You know that image of a person staggering through desert, barely able to speak and hallucinating a mirage in the distance? That’s the extreme way dehydration affects the mind. After all, drinking fluids is crucial to maintaining every system in your body, including your heart, brain and muscles. And just being somewhat parched—after a workout, a walk in the summer sun or a some weekend yard work—can take a serious toll on your body and reflexes due to a dip in brain function.
Cognitive function wilts as water departs the body, a study from the Georgia Institute of Technology found. The data pointed to functions like attention, coordination and complex problem solving suffering the most. It turns out, our neurons are largely made up of water. When the body is deprived of water, it affects how well signals are transmitted and received in the brain and your concentration takes a hit. That’s when mistakes or accidents occur.
In their study, it was abundantly clear that tasks that require constant attention were the most impacted, according to Mindy Millard-Stafford, a professor in Georgia Tech’s School of Biological Sciences and the study’s principal investigator. “Maintaining focus in a long meeting, driving a car or a monotonous job in a hot factory that requires you to stay alert are some examples,” she says. “Higher-order functions like doing math or applying logic also dropped off.”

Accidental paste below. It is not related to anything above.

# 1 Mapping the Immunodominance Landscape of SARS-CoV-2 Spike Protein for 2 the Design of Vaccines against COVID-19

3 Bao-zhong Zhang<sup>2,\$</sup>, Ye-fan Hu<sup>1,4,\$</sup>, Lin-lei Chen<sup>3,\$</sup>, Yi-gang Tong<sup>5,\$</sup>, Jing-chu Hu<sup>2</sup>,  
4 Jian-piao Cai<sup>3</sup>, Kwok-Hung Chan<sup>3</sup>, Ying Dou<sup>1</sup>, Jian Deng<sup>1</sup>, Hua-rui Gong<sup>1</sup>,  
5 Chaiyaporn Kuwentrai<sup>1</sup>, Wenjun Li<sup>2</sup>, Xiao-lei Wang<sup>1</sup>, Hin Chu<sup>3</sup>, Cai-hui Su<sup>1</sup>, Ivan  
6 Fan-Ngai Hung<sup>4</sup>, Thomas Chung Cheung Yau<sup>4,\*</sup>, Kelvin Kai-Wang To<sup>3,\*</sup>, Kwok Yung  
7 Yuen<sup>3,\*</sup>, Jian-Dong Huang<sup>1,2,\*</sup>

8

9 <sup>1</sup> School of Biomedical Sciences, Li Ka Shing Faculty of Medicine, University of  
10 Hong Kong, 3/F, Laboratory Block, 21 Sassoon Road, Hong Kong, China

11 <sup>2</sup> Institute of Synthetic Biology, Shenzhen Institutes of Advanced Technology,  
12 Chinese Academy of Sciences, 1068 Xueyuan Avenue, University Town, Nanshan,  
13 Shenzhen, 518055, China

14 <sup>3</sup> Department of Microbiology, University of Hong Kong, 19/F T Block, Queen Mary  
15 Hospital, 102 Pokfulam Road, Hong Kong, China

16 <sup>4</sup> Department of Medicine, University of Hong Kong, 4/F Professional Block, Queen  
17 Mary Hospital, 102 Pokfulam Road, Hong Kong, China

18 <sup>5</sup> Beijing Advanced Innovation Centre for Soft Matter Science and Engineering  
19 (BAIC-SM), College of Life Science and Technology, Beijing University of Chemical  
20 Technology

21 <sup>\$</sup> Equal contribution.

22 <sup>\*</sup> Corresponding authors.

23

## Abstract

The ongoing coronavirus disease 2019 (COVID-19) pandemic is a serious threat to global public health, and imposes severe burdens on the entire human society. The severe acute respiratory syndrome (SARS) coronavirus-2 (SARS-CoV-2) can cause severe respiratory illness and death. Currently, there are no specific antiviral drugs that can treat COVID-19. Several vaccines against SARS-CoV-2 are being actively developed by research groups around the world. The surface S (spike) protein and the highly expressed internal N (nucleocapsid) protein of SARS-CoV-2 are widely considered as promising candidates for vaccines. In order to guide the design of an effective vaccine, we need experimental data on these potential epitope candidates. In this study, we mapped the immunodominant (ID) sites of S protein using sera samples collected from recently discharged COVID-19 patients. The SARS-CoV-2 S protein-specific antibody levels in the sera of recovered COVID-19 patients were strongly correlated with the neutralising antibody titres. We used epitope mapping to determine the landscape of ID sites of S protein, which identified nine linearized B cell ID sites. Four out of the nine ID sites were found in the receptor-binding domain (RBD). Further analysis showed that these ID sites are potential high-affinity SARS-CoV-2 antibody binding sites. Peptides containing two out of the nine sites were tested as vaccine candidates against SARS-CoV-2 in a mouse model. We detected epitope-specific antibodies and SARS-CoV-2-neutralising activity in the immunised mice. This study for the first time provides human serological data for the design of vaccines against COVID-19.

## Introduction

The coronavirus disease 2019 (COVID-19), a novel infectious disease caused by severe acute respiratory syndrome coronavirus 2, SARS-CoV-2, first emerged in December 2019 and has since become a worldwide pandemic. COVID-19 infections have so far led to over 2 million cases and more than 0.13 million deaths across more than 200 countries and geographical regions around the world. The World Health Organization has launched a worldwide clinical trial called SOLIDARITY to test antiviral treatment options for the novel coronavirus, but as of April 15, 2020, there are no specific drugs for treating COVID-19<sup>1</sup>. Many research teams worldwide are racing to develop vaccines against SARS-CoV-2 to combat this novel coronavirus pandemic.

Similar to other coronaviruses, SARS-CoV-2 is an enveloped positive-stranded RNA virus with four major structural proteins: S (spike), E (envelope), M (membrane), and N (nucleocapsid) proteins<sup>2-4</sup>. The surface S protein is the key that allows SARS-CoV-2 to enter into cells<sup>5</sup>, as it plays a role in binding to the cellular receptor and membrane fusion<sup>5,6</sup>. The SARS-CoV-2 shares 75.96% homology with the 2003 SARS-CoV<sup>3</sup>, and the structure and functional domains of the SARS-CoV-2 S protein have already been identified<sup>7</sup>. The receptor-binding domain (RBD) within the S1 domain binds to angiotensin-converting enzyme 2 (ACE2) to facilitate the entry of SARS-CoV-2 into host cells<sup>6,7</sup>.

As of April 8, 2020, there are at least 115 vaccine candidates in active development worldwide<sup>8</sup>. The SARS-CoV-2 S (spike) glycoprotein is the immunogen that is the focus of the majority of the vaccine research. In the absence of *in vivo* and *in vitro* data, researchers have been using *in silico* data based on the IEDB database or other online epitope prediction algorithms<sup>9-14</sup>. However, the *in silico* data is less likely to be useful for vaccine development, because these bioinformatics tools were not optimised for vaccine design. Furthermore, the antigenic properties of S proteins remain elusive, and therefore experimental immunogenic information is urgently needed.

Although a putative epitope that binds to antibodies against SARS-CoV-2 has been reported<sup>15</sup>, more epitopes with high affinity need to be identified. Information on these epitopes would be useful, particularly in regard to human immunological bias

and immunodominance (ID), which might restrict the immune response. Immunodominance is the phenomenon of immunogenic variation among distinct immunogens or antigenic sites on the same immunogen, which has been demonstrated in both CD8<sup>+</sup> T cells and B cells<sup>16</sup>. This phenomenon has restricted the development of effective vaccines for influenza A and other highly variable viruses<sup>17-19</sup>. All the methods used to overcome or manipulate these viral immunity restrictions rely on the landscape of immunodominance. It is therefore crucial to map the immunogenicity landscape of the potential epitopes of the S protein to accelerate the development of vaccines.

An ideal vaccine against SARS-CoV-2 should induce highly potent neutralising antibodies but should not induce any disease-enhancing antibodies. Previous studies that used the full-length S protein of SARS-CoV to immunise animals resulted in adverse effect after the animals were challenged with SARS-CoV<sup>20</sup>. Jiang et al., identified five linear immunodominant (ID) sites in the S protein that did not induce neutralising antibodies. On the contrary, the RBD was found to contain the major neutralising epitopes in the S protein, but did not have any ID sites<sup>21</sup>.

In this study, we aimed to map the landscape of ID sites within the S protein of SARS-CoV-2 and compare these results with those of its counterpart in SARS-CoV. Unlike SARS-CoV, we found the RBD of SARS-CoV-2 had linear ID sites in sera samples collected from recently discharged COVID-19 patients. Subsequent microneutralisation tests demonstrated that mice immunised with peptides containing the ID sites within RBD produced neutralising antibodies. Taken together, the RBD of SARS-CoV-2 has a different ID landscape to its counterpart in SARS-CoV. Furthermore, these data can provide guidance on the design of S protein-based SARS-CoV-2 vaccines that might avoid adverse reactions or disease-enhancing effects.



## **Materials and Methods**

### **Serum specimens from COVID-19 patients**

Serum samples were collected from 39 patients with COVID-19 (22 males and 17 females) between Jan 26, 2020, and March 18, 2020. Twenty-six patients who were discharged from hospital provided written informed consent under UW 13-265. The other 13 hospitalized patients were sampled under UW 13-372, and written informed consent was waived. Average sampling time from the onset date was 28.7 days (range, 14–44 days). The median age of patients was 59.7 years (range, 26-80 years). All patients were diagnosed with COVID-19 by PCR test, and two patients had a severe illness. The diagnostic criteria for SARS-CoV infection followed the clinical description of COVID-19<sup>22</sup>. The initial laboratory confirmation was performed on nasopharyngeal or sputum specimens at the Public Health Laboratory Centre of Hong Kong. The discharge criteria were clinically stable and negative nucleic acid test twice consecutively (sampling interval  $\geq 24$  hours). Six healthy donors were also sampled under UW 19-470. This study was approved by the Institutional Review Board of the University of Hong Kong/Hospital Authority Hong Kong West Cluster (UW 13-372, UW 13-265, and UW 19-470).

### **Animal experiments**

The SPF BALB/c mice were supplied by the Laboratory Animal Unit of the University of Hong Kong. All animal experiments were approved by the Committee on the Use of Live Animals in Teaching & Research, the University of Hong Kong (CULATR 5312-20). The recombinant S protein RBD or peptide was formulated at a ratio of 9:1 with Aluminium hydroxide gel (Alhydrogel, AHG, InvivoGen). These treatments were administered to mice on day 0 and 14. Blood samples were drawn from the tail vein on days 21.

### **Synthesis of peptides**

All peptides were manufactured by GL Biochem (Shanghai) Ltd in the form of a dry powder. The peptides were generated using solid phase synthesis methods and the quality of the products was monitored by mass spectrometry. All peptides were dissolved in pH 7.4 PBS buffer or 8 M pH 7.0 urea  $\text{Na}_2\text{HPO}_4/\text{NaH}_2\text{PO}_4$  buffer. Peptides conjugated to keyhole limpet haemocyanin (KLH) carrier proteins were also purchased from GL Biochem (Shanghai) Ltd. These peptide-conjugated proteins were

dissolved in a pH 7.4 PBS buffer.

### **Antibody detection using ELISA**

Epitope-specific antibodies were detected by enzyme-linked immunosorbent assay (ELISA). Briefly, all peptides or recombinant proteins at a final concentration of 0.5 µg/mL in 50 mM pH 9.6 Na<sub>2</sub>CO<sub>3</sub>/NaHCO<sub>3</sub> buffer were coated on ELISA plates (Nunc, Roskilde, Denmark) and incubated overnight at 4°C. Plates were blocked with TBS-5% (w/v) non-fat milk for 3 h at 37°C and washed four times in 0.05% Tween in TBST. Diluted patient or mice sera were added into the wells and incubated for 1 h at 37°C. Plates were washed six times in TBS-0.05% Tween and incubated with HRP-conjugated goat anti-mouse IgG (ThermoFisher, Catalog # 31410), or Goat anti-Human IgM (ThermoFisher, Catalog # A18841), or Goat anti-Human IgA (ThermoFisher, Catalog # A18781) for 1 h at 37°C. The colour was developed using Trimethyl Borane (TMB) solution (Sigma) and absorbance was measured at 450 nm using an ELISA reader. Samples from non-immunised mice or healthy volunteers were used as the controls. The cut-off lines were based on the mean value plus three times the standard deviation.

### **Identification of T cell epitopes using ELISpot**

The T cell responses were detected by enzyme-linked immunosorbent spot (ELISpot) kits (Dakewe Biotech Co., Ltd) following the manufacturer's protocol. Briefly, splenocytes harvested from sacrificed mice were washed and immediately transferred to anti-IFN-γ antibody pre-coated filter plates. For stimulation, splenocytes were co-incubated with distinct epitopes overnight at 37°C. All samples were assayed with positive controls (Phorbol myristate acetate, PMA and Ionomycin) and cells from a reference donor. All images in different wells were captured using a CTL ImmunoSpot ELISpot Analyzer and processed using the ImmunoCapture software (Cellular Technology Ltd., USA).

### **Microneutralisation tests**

Call it dry brain. You start to feel sluggish, and both your mood and energy drops. “There’s already a lot of quantitative documentation that if you lose two percent in water it affects physical abilities like muscle endurance or sports tasks and your ability to regulate your body temperature,” says Millard-Stafford. Now, it’s clear that it’s inhibiting your concentration as well.
This begs the question: Just how much water should we be drinking? Like with anything in health, it’s not as simple as we’d like it to be. Every body is different. So is every day. That “rule” to drink eight, 8-oz glasses of water a day doesn’t have a lot of scientific evidence behind it, but it’s not necessarily a bad recommendation.
The National Academies of Sciences, Engineering and Medicine aim a bit higher, saying that men “who appear to be adequately hydrated” consume approximately 125 ounces per day. But they acknowledge that nearly 20 percent of your day’s hydration is derived from food, which can be difficult to count.
The key is to drink regularly. And if you don’t naturally hydrate as much as you should, consider water-rich foods like fruits and vegetables. Especially during the warmer summer months. It’s important to remember that if you’re feeling thirsty, you’ve already waited too long to drink some water.